more experianced with the game and starts to insist on using both

methods to his own advantage, then the elitist will admit he made

a mistake in his teaching and that the normal sequence is the

only allowed method of Sniper Attack resolution.


   The original errata by Avalon Hill is silent about which

sequence is legal as is the Official Errata. However the

Unofficial Errata does have a rule which designates that when

resolving a Sniper Attack on a multi-personnel card group, the

RPC draw is always done first and then the attack resolution draw

is done second. The normal sequence is also the only sequence I

have seen allowed in every tournament that I have been to.






   In most scenarios there are scenario defined Cower Cards which

are removed from the game when exposed in an RNC/RPC draw or when

normally discarded by the player. Frequently these are a certain

number of Building Cards which when removed cause all further

Building Cards in the deck to become playable. As a result

players will usually try to hold on to a Building card,

preferably a -3 Building Card, to use when it becomes available.

Some players like to delay the activation of Building Card by

playing the scenario defined Cower Card as an Open Ground Card

which is legal by Rule 16.1. The unscrupulous expert has a way of

getting around this though. At the end of the first deck they

always volunteer to shuffle the deck. While suffling they remove

any Building Cards that they find, either through slight of hand,

or more often doing it openly by claiming that they had

inadvertantly discarded some Building Cards into the discard pile

when they should have been removed from the deck. In reality they

have removed every last Building Card they can find in the hopes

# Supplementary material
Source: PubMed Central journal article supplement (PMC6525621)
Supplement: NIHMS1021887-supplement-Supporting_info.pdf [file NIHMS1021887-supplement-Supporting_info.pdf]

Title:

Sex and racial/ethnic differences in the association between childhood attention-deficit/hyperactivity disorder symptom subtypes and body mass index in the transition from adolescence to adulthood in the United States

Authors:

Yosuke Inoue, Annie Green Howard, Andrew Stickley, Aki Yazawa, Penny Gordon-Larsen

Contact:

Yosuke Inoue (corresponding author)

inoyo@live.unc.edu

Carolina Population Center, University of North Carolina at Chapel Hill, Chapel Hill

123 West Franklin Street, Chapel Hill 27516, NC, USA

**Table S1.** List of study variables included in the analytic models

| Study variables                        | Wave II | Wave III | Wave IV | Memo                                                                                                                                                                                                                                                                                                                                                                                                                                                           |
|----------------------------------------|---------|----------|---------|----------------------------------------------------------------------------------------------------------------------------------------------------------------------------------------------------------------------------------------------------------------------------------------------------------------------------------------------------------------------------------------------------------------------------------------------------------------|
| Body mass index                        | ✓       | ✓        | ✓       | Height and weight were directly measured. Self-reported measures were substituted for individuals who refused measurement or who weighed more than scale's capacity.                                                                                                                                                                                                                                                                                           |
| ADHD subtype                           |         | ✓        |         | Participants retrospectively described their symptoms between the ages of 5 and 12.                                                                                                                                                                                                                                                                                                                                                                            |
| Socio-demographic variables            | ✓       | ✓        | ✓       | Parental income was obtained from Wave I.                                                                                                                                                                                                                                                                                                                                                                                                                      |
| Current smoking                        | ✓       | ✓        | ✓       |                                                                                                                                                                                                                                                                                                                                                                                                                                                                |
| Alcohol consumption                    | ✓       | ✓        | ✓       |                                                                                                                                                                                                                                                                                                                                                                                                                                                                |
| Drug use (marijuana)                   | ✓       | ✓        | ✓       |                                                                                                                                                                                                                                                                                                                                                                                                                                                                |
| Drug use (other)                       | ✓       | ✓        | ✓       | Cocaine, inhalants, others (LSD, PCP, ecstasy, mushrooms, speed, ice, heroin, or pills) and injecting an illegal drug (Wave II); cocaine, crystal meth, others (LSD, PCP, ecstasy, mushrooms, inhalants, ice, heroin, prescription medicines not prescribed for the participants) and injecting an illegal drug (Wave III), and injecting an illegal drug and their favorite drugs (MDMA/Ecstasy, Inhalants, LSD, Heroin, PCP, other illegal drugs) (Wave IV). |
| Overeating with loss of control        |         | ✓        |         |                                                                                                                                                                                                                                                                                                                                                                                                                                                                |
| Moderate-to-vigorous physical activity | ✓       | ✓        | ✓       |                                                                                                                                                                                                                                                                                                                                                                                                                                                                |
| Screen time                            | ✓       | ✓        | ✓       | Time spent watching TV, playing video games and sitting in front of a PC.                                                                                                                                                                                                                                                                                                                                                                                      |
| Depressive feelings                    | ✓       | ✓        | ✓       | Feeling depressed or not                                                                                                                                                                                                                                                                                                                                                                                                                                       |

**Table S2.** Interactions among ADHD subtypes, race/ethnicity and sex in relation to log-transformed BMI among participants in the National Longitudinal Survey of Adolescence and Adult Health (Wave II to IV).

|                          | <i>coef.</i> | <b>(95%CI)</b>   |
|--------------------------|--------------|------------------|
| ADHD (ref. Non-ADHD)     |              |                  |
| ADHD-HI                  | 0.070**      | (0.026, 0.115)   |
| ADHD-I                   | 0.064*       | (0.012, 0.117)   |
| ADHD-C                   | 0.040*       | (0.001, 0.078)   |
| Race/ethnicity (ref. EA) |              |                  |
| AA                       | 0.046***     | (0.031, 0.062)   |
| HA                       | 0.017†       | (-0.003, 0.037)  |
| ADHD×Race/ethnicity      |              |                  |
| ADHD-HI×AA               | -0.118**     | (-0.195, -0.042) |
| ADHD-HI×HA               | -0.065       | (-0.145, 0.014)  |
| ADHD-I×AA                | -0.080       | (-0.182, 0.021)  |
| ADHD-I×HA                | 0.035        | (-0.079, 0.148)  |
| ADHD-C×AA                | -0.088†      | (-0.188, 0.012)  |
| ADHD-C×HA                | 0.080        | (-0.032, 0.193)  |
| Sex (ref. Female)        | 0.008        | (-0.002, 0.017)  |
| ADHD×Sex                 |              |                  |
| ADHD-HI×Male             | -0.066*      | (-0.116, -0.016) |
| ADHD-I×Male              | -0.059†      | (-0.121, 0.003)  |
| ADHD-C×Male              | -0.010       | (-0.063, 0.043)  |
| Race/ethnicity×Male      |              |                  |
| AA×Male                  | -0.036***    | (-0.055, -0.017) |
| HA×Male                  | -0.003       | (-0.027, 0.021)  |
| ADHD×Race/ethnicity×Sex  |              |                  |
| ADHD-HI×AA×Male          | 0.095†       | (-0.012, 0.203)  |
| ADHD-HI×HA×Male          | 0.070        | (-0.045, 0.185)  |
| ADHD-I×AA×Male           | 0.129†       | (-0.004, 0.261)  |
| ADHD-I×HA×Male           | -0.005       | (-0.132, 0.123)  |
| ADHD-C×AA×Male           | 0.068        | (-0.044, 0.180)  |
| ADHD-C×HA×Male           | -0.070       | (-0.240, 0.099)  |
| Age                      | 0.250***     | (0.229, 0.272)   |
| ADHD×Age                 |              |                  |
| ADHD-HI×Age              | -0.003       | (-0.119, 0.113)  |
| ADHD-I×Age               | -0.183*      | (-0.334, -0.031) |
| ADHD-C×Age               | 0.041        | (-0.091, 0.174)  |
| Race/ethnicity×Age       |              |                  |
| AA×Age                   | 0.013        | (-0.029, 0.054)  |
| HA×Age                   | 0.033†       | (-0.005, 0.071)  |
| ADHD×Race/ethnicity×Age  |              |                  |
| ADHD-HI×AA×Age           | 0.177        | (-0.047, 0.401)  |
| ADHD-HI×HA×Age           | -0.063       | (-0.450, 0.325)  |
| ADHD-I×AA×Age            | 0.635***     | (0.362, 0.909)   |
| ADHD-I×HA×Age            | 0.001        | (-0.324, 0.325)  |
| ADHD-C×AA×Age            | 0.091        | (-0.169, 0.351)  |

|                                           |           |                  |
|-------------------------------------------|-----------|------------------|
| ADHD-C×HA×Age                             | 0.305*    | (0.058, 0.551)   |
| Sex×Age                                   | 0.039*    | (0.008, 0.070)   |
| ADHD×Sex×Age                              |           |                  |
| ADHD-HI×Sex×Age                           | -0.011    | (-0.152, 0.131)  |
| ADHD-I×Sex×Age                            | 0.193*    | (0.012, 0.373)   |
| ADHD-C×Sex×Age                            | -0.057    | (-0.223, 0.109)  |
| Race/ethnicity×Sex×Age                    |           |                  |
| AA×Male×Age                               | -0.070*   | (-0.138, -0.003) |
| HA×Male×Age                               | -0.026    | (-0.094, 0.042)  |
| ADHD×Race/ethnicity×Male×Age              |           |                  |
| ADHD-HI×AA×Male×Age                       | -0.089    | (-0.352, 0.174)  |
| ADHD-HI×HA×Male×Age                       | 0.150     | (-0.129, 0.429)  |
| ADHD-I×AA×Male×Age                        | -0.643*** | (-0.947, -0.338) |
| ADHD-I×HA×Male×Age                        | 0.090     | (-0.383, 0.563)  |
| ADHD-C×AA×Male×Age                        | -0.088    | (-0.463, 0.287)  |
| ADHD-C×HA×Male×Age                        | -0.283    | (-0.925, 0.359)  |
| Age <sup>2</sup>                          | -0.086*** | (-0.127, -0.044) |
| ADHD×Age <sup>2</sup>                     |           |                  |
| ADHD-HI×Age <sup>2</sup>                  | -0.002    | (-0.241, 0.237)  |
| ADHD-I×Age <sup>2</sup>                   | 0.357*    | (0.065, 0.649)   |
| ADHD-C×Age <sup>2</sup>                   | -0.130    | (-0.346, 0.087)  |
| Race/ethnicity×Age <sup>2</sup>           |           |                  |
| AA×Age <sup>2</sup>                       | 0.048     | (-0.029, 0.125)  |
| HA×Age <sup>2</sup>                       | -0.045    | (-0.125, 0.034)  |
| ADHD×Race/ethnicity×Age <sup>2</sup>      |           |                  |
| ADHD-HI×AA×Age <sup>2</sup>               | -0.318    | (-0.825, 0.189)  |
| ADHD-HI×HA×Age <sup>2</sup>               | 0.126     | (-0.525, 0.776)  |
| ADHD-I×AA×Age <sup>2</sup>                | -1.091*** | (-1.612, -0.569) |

of making the ones in their hands the only active ones in the

game and in their possession. This puts them into a slight

advantage going into the next deck as they will play the Building

Cards at the first opportunity and leave them in play for the

duration of the game to keep the other player from getting them.


   While leaving a Terrain Card in play for the duration of the

game to keep the other player from getting them is legal,

removing cards while resuffling the deck is not. Rule 16.22

clearly states that any inadvertant violation of the rules are

considered to be legal play once the next player starts his turn

if it is not corrected before then. Therefore any inadvertant

discards (both real and alleged) into the discard pile of

Building Cards while they are still scenario defined Cower Cards

during the first deck of the game are considered to be legal

plays. Of course when teaching the game to a beginner, the so

called experts deliberately skip over Rule 16.22 as well as the

last sentance of Rule 16.1 which allows these scenario defined

Cower Cards to be played as Open Ground Cards. What some people

won't do to get an edge.


   Sadly, neither the original errata nor the Official Errata

address this situation. Only in the Unofficial Errata are there

rules addressing it.






   When a PC performs an Individual Transfer, where does he go in

the receiving group when he arrives? The crooked expert will tell

you that it goes in the highest available numbered position in

the group (i.e. at the end). Yet when you see him perform

Individual Transfers he will put the PC anywhere he pleases in

the group. When you question him as to why he will explain that

he made a mistake and that he taught you the old way of doing it

and that he is doing the new way. He then adds that it does not

make any difference where you put him in the group. As you watch

him sometimes he places them on the end of the group and

sometimes in the middle of the group. But does it really make any

difference where you put the PC in the group? Yes it does!


   In groups containing certain number of PCs, those PCs in

higher numbered positions within the group have less chance of

being picked in an RPC draw. These groups are those which contain

four, five, seven, eight, and ten PCs respectively. In a four

man group positions 3 and 4 have less chance of being picked. In

a five man group positions 3, 4, and 5 have less chance of being

picked. In a seven man group positions 2, 3, 4, 5, 6, and 7 have